The tough-talking lawmaker once likened her Republican colleagues to “turkeys.” After super storm Sandy in 2012, she said an amendment to a disaster-recovery funding measure by Oklahoma Republican Tom Coburn that would cut money for Alaska fisheries was “phony-baloney nonsense.”
Mikulski is a reliable Democrat who supported all of the signature accomplishments of President Barack Obama’s first term: his economic-stimulus plan, health-care overhaul, rewrite of financial industry regulations, the federal takeover of the student-loan industry and two Supreme Court appointments.
Mikulski has a long history of backing legislation aimed at improving women’s lives. She sponsored the first bill Obama signed into law -- the Lilly Ledbetter Fair Pay Act, which was aimed at making it easier for women to sue for pay discrimination.
She successfully added an amendment to Obama’s 2010 health-care overhaul guaranteeing women access to preventive health screenings, such as mammograms, at no cost. Mikulski also has backed legislation to promote women in occupations where they are underrepresented.
“Barbara has wielded her gavel and used her booming voice to advocate on behalf of paycheck fairness, child care, health care, education, women’s rights and countless issues that have contributed to the strength of America’s families,” Obama said in a statement.
When she was one of just two women in the chamber, Mikulski recalls a fuss among her male colleagues when she wanted to wear pants on the Senate floor.
“What you wore became a very big deal,” she told CNN. “For a woman to come on the floor in trousers was viewed as a seismographic event.”
Before doing so, she said, she had to alert the majority leader, West Virginia Democrat Robert Byrd, and “the Senate parliamentarian looked at the rules to make sure it was OK.”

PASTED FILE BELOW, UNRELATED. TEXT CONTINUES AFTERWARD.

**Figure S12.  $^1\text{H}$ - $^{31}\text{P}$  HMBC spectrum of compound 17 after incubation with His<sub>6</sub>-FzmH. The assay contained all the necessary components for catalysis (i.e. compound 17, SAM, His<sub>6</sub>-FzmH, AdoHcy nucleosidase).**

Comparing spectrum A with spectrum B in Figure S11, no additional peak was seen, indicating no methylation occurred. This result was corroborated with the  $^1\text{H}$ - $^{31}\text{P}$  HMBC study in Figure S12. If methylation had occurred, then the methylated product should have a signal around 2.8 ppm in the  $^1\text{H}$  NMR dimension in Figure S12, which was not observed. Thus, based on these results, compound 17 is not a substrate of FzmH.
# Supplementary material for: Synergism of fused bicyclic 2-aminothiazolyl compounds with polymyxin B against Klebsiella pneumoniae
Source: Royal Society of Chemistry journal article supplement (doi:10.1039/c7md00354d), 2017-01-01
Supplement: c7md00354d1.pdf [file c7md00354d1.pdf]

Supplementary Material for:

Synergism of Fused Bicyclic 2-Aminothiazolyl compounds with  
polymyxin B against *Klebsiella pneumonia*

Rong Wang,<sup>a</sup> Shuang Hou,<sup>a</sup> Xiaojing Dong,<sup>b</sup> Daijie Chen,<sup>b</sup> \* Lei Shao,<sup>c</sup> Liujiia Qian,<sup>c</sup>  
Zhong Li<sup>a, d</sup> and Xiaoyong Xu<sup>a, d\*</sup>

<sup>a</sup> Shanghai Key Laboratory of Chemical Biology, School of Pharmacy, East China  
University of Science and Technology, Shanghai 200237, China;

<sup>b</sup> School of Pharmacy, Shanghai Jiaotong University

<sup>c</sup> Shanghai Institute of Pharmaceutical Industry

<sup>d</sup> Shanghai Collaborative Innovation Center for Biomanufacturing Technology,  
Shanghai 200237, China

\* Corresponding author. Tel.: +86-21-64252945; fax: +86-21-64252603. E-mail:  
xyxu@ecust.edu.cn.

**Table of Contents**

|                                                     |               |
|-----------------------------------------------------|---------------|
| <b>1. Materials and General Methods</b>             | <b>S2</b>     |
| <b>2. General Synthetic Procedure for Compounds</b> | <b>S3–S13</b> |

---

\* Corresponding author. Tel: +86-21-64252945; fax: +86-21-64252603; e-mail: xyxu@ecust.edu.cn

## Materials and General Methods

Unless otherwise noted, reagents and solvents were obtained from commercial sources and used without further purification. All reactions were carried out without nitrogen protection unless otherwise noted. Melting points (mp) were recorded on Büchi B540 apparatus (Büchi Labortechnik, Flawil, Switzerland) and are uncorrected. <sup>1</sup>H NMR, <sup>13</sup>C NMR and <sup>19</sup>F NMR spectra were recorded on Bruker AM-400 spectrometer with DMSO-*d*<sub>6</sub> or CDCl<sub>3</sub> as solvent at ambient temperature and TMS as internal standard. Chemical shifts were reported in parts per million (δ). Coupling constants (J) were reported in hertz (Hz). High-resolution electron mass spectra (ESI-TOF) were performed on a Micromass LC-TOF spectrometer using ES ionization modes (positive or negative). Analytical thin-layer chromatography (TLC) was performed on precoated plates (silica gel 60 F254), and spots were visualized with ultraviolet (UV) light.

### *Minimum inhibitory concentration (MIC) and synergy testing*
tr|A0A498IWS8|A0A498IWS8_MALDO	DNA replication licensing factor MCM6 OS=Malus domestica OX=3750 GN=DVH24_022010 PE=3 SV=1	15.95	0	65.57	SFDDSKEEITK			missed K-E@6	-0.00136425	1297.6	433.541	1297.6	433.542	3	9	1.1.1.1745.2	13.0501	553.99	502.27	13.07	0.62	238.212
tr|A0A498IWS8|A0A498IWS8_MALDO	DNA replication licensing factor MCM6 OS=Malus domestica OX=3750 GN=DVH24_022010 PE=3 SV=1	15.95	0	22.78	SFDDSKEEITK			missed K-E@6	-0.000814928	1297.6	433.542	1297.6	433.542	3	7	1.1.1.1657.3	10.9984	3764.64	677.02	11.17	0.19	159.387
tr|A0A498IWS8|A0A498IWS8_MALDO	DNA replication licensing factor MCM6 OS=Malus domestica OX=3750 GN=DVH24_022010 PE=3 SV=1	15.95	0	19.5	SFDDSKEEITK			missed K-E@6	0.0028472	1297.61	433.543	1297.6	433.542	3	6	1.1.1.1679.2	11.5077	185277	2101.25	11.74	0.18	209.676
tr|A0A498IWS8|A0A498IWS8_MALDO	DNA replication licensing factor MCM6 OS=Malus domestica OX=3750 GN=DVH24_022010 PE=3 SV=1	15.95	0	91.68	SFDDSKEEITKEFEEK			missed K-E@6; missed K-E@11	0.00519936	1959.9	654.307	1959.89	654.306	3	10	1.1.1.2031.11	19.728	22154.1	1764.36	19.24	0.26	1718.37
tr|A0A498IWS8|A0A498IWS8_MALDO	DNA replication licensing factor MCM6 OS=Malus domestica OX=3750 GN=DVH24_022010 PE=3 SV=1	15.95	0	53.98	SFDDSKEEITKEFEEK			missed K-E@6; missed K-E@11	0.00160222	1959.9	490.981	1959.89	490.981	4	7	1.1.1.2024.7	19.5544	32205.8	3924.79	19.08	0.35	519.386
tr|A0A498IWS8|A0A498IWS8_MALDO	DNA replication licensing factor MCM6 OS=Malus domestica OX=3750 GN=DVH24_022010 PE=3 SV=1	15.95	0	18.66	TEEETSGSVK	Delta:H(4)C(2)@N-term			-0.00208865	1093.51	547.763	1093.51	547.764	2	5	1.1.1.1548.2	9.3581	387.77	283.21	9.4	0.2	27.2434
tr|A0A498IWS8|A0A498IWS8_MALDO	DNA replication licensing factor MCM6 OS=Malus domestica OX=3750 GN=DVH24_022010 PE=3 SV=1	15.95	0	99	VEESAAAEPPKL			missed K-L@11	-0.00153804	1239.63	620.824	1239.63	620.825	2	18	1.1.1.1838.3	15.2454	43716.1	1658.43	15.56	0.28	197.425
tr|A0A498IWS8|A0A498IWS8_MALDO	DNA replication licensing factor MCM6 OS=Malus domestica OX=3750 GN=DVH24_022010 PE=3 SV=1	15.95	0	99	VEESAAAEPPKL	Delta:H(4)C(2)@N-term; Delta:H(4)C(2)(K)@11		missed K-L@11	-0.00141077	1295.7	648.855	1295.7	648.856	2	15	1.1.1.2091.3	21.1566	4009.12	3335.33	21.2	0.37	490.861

“You would have thought I was walking on the moon,” she said. “It caused a big stir.”
The 1992 election added dozens of women to Congress, including five senators, and was quickly dubbed “Year of the Woman.” Mikulski was neither amused nor inspired by that label.
“Calling 1992 the Year of the Woman makes it sound like the Year of the Caribou or the Year of the Asparagus,” she said at the time, according to the Washington Post. “We’re not a fad, a fancy or a year.”
Senate Minority Leader Harry Reid called Mikulski, the first woman elected to the chamber from Maryland, a “trailblazer.”
“Through her work, she has helped a generation of women leaders rise in the Senate,” Reid, a Nevada Democrat, said in a statement.
Reid also recalled that it was Mikulski who suggested that lawmakers sing “God Bless America” when they gathered on the Capitol steps following the Sept. 11 terrorist attacks.
“It was a poignant moment that I will never forget,” Reid said.
House Minority Leader Nancy Pelosi, a California Democrat who earlier served four years as the first female speaker of the House, said in a statement that Mikulski has “been committed to ensuring that public service is open to the next generation of women.”
Pelosi, the daughter of former Baltimore Mayor Thomas D’Alesandro, Jr., said it was a “point of personal pride” that she and Mikulski attended the same Catholic girls’ high school, the Institute of Notre Dame.
In March 2012, after 35 years on Capitol Hill, Mikulski became the longest-serving woman of the 300 or so who have been elected to Congress. She also has regularly been voted “meanest senator” in Washingtonian magazine’s annual survey of congressional aides.
Mikulski is the second veteran Senate Democrat to decide to make this term her last. California’s Barbara Boxer also has announced plans to retire.